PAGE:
Anthropogenic changes in tropospheric composition increase susceptibility of soybean to insect herbivory
Increased concentrations of CO and ozone are predicted to lower nutritional quality of leaves for insect herbivores, which may increase herbivory as insects eat more to meet their nutritional demands. To test this prediction, we measured levels of herbivory in soybean grown in ambient air and air enriched with CO or O using free air gas concentration enrichment (FACE). Under open-air conditions and exposure to the full insect community, elevated [CO ] increased the susceptibility of soybeans to herbivory early in the season, whereas exposure to elevated [O ] seemed to have no effect. In the region of the canopy exposed to high levels of herbivory, the percentage of leaf area removed increased from 5 to >11% at elevated [CO ]. We found no evidence for compensatory feeding at elevated [CO ] where leaf nitrogen content and C:N ratio were unaltered in plants experiencing increased herbivory. However, levels of leaf sugars were increased by 31% at elevated [CO ] and coincided with a significant increase in the density of the invasive species Popillia japonica Newman (Japanese beetle). In two-choice feeding trials, Japanese beetles and Mexican bean beetles (Epilachna varivestis Mulsant.) preferred foliage grown at elevated [CO ] to foliage grown at ambient [CO ]. These data support the hypothesis that the increased level of sugar in leaves grown at elevated [CO ] may act as a phagostimulant for the Japanese beetle. If these results apply more widely to soybean production, the expectation of agricultural yield increases as a result of increasing elevated [CO ] may need to be reevaluated. © 2005 Entomological Society of America. 2 2 3 2 3 2 2 2 2 2 2 2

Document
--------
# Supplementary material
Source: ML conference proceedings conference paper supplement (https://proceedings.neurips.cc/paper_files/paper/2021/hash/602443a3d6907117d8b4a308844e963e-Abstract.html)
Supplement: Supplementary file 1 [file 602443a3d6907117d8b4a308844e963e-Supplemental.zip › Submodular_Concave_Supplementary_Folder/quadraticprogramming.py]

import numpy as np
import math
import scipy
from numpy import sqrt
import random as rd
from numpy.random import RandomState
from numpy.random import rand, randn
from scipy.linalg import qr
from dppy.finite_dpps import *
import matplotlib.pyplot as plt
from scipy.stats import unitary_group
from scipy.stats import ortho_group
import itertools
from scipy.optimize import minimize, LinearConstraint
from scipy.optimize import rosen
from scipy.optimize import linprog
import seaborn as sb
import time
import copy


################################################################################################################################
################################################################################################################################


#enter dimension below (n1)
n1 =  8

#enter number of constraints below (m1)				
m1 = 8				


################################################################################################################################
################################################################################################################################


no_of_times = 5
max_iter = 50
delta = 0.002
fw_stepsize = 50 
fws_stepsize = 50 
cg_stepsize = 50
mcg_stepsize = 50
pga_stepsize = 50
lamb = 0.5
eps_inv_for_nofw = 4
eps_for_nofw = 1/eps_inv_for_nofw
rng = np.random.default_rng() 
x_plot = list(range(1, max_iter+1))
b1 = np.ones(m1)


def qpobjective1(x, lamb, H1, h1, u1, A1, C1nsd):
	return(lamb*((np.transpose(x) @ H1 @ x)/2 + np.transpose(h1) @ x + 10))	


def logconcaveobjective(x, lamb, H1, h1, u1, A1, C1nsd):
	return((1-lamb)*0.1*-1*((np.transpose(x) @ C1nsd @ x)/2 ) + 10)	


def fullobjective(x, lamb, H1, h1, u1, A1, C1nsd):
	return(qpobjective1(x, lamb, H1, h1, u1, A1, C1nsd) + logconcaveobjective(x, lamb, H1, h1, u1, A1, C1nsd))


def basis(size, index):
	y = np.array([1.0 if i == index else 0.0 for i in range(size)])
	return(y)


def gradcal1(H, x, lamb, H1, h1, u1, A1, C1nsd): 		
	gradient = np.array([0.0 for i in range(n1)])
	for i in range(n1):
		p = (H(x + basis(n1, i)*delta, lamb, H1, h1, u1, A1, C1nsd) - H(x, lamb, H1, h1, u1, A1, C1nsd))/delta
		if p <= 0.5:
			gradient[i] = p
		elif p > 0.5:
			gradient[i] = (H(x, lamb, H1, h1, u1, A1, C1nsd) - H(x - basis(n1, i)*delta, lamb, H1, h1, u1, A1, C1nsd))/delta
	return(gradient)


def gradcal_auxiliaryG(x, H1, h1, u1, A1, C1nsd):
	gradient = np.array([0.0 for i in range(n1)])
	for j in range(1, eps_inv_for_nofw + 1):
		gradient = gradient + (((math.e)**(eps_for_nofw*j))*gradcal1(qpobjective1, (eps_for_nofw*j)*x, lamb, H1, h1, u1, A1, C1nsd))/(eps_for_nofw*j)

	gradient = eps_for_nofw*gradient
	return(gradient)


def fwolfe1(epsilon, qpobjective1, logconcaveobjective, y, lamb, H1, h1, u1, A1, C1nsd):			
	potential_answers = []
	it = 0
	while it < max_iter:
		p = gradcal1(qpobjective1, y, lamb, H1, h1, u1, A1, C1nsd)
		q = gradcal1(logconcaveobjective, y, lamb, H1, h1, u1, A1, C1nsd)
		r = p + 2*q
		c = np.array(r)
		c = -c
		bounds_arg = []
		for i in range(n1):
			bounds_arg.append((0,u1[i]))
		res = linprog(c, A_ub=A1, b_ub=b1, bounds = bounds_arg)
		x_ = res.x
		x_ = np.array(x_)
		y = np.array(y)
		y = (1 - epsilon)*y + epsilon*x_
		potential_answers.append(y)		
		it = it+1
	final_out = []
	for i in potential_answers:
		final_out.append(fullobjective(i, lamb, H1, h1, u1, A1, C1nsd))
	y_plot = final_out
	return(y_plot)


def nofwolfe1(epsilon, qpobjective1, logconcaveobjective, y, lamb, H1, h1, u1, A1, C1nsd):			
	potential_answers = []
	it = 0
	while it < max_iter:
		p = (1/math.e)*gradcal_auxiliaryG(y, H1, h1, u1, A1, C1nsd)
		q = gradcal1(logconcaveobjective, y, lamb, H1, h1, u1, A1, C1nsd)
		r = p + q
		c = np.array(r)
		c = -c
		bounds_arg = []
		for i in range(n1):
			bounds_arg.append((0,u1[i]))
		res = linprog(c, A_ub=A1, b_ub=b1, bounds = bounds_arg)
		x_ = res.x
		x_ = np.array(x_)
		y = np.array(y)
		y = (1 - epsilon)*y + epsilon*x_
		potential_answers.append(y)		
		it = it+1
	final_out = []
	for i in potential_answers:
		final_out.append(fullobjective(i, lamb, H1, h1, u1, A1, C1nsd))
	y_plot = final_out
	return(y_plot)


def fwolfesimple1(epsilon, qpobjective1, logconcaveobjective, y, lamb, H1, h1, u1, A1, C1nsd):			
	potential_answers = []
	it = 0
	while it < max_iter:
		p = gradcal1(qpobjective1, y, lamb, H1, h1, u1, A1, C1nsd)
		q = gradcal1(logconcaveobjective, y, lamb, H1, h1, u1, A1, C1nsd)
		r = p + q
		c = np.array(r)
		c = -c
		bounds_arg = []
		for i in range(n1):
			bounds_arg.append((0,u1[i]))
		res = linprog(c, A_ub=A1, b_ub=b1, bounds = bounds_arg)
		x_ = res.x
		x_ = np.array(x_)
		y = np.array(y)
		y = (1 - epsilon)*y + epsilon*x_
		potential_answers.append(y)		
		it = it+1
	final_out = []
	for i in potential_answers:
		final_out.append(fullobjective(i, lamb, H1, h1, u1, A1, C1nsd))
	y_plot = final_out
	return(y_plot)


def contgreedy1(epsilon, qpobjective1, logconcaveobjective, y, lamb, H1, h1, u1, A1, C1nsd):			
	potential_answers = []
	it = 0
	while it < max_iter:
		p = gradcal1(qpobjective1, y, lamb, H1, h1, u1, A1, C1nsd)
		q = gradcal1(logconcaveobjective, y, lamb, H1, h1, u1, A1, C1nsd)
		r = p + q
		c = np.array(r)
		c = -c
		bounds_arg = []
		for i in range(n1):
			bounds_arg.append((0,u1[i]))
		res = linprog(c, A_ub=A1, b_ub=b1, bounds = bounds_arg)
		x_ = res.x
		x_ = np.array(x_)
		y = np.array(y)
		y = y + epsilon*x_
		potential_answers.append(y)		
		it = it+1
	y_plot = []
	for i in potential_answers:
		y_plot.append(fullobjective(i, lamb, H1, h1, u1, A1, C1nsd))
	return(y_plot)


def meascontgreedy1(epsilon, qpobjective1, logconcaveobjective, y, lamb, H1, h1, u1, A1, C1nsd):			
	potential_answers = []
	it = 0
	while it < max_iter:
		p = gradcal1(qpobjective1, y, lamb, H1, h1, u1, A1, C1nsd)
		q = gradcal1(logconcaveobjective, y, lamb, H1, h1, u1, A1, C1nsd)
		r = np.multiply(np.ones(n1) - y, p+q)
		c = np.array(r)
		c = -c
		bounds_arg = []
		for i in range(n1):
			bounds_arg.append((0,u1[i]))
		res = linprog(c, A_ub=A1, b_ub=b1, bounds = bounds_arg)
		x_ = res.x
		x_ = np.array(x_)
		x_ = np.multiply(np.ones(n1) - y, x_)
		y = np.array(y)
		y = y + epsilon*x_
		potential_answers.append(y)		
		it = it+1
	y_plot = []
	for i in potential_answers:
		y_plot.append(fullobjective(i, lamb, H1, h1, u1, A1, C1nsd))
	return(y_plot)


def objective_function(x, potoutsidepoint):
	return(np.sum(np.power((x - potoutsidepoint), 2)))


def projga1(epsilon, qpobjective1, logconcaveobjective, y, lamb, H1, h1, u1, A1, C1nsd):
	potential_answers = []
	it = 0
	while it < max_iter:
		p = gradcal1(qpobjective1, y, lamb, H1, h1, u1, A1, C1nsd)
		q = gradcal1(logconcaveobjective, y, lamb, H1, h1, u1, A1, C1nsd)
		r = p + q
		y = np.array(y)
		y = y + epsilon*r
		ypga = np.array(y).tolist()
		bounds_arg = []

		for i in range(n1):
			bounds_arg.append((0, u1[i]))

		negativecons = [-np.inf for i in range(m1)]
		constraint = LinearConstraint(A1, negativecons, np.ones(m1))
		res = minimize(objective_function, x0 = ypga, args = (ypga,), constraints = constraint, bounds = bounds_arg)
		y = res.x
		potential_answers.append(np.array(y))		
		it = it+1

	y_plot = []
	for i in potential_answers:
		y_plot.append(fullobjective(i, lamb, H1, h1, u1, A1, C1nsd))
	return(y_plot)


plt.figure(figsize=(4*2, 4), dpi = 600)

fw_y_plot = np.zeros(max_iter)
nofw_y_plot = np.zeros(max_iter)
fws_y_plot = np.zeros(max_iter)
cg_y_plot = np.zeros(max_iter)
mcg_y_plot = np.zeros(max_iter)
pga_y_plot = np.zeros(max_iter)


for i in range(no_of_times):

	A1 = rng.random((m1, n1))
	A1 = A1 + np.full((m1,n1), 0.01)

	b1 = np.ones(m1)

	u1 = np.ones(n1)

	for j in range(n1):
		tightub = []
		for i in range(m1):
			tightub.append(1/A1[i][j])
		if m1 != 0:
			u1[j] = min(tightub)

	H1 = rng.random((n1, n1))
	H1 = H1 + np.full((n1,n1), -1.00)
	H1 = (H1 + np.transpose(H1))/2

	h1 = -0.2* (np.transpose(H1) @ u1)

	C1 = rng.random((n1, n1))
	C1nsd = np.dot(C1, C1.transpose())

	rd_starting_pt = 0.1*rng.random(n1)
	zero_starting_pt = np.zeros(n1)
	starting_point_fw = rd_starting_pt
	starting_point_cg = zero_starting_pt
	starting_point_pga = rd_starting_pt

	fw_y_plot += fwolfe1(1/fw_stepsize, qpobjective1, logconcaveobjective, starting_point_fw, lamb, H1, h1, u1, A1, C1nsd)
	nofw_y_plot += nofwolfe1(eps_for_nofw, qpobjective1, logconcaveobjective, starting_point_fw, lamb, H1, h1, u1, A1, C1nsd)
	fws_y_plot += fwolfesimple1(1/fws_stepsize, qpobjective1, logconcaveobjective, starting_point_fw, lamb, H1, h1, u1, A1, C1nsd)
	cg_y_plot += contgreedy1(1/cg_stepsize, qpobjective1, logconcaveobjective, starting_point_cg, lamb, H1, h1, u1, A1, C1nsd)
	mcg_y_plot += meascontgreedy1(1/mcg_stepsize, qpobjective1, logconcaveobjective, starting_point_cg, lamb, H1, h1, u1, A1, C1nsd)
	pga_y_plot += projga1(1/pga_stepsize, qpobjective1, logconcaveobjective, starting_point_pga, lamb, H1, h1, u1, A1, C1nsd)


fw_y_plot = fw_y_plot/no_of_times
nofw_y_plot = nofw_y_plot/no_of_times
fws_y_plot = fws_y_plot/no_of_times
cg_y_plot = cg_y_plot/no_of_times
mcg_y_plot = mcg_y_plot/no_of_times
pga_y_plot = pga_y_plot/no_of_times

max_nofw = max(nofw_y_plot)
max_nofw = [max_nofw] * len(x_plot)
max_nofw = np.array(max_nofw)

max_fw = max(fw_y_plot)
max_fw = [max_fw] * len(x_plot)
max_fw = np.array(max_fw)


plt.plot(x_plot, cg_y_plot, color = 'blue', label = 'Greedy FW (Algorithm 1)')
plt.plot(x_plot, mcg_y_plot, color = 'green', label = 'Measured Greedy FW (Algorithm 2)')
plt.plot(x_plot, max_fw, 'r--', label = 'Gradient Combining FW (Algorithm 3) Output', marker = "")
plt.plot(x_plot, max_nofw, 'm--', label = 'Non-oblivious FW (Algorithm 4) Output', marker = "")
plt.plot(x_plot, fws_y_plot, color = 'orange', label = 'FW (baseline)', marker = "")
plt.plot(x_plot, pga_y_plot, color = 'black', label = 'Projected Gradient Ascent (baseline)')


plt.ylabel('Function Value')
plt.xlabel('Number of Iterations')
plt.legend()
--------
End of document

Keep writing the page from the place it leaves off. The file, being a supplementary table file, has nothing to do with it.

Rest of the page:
Hamilton, Jason G.; Dermody, Orla; Aldea, Mihai; Zangerl, Arthur R.; Rogers, Alistair; Berenbaum, May R.; and DeLucia, Evan H., "Anthropogenic changes in tropospheric composition increase susceptibility of soybean to insect herbivory" (2005). Faculty Articles Indexed in Scopus. 1984.